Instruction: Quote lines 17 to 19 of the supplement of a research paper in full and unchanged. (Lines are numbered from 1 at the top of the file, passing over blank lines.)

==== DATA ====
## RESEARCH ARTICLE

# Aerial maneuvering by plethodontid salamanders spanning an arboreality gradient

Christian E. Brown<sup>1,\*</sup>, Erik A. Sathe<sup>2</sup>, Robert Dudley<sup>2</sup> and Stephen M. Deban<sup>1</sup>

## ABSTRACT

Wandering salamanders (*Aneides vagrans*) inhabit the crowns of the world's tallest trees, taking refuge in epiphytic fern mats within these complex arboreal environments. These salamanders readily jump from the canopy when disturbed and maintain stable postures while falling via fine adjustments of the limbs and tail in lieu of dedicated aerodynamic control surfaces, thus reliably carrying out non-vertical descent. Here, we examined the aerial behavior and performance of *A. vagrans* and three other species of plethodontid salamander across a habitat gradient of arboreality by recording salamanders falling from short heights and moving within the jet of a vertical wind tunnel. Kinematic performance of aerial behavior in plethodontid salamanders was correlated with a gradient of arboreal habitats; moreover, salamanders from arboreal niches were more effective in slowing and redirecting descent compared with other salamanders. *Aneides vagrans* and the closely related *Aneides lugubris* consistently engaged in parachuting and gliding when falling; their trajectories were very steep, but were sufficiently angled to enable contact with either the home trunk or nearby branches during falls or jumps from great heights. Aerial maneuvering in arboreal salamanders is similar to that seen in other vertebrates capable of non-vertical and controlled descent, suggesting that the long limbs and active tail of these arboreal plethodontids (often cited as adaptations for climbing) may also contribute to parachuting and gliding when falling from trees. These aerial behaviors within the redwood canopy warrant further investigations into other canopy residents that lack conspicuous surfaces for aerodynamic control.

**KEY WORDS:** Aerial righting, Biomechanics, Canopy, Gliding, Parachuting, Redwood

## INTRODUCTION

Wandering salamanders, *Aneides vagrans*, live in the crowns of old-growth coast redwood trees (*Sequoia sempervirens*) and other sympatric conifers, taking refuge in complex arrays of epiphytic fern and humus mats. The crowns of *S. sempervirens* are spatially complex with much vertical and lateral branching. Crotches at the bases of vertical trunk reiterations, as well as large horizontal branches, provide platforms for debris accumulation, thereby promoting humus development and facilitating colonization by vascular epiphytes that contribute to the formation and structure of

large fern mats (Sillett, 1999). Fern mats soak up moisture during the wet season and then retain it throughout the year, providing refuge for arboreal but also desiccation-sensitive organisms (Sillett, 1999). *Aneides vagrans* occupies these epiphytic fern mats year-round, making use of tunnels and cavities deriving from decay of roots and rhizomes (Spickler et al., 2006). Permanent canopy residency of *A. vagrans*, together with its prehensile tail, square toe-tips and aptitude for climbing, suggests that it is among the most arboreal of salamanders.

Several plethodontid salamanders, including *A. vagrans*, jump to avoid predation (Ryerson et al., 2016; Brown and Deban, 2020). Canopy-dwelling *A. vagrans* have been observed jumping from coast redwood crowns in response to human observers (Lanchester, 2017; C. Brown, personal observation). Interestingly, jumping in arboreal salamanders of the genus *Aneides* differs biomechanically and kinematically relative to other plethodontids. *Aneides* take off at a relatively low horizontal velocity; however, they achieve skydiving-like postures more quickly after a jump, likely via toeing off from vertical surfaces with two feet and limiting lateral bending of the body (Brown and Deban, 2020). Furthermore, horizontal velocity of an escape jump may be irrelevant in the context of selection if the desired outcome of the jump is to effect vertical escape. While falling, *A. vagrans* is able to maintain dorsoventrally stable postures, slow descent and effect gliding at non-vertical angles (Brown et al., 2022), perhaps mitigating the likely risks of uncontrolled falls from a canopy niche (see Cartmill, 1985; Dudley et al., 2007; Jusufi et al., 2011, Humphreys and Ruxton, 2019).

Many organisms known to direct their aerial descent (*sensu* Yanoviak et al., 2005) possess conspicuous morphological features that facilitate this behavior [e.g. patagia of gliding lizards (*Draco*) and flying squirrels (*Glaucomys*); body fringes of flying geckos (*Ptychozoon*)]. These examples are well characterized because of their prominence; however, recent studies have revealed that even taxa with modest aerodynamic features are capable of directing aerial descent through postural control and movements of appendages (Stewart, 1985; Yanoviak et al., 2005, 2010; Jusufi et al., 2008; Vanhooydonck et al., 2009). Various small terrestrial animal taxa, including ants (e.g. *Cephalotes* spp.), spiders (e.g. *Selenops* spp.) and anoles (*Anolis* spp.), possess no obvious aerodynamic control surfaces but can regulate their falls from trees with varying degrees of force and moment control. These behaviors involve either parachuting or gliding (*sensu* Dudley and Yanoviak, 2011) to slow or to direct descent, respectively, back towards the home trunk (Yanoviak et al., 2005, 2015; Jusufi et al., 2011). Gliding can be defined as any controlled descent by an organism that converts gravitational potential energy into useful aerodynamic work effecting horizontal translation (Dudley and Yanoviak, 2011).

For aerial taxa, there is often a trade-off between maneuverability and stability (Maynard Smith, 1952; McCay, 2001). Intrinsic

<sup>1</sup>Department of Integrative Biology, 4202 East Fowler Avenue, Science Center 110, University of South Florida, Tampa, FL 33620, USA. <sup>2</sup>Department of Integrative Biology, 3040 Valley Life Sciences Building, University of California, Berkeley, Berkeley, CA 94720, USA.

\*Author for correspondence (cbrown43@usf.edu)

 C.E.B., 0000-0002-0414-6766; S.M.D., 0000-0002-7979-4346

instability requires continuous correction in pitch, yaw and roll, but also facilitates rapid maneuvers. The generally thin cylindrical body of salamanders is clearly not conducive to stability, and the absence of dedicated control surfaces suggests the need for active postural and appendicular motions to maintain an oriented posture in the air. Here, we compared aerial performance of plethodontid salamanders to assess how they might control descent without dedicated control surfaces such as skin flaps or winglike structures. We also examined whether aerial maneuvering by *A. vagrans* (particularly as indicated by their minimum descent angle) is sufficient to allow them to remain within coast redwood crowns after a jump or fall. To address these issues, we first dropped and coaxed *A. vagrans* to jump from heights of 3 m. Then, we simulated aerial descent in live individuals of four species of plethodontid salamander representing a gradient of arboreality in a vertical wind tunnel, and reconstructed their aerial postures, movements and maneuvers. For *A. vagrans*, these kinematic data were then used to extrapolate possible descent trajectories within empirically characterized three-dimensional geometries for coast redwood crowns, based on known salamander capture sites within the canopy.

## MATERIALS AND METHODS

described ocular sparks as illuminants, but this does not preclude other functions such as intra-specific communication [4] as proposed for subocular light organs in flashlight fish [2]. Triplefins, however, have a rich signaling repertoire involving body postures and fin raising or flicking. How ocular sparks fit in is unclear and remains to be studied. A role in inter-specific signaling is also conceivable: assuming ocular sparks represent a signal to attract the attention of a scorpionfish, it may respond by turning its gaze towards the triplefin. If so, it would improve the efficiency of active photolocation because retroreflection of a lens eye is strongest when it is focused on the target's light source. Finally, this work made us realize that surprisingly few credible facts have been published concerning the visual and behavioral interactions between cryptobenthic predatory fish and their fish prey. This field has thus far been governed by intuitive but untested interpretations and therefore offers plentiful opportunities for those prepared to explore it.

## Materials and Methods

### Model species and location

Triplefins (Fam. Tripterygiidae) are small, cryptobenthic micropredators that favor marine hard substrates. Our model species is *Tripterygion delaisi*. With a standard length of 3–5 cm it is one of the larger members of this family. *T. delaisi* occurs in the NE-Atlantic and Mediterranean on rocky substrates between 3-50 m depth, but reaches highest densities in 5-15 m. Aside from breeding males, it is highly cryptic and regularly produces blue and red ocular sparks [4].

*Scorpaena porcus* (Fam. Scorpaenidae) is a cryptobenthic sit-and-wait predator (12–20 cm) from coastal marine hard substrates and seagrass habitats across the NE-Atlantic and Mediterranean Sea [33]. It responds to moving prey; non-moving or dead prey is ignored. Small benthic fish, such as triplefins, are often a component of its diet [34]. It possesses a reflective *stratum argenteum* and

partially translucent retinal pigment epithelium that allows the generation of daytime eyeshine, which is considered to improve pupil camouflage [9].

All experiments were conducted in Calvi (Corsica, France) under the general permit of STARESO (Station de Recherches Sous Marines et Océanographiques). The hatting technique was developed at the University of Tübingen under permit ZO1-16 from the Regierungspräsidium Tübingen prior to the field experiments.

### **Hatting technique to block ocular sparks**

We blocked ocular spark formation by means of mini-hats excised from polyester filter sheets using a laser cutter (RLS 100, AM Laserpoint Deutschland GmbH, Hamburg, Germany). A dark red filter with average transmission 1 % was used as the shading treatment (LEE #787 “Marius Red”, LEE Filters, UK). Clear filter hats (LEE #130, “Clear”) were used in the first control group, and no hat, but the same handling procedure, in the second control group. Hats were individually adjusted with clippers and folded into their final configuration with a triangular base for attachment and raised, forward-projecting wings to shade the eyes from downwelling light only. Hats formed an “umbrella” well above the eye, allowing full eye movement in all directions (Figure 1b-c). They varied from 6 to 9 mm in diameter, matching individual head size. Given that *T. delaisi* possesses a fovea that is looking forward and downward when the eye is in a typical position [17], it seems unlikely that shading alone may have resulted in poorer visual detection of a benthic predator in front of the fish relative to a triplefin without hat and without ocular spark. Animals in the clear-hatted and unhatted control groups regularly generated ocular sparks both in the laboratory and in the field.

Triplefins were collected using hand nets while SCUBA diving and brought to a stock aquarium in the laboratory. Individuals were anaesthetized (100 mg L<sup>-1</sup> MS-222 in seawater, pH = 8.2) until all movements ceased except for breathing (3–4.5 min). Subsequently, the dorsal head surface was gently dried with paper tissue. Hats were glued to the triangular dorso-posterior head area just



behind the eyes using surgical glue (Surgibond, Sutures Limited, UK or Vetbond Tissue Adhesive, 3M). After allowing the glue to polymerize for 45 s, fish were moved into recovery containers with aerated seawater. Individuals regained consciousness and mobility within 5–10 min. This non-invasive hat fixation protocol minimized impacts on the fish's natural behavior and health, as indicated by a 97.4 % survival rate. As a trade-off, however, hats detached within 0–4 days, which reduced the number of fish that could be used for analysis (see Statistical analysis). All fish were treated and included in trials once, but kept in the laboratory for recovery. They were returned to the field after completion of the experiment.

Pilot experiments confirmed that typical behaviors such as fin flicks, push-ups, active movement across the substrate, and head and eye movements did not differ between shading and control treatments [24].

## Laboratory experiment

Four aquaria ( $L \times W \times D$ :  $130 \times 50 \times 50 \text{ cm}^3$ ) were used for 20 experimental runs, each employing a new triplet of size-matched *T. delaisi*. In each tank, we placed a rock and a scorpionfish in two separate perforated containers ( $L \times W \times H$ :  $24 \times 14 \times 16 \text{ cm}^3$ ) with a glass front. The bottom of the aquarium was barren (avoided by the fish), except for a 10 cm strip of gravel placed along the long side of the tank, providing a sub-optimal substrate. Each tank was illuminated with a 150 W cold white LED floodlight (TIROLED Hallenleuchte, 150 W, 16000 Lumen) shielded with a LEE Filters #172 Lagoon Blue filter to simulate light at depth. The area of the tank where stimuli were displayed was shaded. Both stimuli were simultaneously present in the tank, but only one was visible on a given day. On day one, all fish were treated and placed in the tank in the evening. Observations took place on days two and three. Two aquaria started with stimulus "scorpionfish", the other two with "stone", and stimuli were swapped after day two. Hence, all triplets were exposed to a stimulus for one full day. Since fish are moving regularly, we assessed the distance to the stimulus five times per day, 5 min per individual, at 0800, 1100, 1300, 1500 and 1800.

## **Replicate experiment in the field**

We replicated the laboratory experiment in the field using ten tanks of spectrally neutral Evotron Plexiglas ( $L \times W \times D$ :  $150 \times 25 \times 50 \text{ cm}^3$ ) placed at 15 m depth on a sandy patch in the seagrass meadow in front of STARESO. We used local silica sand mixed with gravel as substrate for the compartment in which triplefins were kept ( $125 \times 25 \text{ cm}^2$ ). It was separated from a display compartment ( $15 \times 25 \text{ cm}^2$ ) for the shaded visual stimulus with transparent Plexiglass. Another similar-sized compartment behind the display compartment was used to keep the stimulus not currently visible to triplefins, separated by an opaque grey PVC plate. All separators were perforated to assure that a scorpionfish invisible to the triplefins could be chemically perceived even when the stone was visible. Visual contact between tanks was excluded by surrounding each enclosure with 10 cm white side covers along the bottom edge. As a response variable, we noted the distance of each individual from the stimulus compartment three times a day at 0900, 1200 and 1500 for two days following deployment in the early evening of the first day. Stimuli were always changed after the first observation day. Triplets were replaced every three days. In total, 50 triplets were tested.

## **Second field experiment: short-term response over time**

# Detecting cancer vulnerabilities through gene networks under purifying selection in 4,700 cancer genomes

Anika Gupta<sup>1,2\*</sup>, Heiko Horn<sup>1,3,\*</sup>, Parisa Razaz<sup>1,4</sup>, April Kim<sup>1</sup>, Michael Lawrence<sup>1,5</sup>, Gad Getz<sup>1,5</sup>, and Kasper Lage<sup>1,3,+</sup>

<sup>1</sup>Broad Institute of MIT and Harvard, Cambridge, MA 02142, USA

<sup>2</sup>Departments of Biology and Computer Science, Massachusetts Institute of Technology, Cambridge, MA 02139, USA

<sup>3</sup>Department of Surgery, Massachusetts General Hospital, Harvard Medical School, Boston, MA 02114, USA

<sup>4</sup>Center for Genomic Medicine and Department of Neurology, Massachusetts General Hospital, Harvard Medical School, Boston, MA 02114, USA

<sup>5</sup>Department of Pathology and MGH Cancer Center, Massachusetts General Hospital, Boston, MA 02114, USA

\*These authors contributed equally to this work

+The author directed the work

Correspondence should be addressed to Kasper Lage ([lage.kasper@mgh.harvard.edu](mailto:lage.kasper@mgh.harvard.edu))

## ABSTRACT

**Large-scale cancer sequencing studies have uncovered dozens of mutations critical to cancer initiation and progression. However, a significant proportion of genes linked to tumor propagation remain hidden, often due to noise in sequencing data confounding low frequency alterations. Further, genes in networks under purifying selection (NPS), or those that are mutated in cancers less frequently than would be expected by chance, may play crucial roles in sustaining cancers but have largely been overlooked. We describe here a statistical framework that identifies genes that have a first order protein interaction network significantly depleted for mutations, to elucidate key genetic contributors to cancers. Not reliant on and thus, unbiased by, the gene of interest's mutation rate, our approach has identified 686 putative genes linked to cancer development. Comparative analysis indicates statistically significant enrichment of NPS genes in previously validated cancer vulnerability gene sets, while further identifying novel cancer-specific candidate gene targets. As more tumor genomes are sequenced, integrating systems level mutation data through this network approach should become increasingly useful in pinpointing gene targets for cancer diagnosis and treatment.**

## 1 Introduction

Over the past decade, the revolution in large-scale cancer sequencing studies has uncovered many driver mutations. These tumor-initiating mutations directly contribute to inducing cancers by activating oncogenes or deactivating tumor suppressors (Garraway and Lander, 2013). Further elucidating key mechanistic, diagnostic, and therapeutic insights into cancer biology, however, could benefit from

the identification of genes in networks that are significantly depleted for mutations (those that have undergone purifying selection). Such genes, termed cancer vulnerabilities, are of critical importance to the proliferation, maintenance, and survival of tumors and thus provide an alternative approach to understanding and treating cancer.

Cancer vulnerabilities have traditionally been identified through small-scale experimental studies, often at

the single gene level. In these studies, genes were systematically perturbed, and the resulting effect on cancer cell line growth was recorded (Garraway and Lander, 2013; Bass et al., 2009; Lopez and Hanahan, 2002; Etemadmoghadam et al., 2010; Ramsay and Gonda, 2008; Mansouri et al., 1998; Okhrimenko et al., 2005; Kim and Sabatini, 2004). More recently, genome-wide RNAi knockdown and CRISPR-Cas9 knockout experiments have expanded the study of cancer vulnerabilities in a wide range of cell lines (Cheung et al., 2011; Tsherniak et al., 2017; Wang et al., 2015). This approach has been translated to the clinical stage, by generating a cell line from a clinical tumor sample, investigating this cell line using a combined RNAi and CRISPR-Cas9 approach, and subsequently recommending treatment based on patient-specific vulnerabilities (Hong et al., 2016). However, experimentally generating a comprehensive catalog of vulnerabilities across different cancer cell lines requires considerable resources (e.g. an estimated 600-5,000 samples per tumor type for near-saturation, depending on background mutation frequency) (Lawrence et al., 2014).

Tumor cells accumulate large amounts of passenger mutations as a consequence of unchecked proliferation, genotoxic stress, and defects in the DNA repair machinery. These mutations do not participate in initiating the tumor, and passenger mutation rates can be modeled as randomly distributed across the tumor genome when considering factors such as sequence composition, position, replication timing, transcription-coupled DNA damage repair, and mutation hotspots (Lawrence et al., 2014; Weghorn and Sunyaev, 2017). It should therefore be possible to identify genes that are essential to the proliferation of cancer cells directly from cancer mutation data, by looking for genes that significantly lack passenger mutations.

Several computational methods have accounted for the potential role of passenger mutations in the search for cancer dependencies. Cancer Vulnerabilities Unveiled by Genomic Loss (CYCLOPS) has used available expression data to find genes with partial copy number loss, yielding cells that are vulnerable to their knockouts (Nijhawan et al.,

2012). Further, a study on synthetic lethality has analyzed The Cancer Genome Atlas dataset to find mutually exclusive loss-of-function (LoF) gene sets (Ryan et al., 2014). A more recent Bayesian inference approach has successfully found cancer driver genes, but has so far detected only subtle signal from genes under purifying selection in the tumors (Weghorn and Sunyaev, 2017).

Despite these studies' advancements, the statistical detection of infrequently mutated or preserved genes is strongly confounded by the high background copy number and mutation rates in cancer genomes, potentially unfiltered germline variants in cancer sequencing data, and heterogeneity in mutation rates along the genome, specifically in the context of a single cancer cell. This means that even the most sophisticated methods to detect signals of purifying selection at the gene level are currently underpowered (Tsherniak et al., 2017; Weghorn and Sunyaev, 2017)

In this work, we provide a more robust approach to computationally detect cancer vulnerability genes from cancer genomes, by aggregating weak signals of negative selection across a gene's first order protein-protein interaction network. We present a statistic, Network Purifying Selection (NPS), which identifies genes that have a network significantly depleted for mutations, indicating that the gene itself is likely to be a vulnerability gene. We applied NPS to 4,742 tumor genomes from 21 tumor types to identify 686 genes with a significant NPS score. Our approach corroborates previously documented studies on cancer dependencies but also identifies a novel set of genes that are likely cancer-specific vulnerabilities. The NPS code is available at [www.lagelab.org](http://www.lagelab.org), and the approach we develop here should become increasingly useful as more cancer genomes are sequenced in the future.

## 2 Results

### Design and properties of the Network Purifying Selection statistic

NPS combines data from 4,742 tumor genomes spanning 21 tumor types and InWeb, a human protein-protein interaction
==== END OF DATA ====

## MATERIALS AND METHODS

described ocular sparks as illuminants, but this does not preclude other functions such as intra-specific communication [4] as proposed for subocular light organs in flashlight fish [2]. Triplefins, however, have a rich signaling repertoire involving body postures and fin raising or flicking. How ocular sparks fit in is unclear and remains to be studied. A role in inter-specific signaling is also conceivable: assuming ocular sparks represent a signal to attract the attention of a scorpionfish, it may respond by turning its gaze towards the triplefin. If so, it would improve the efficiency of active photolocation because retroreflection of a lens eye is strongest when it is focused on the target's light source. Finally, this work made us realize that surprisingly few credible facts have been published concerning the visual and behavioral interactions between cryptobenthic predatory fish and their fish prey. This field has thus far been governed by intuitive but untested interpretations and therefore offers plentiful opportunities for those prepared to explore it.

## Materials and Methods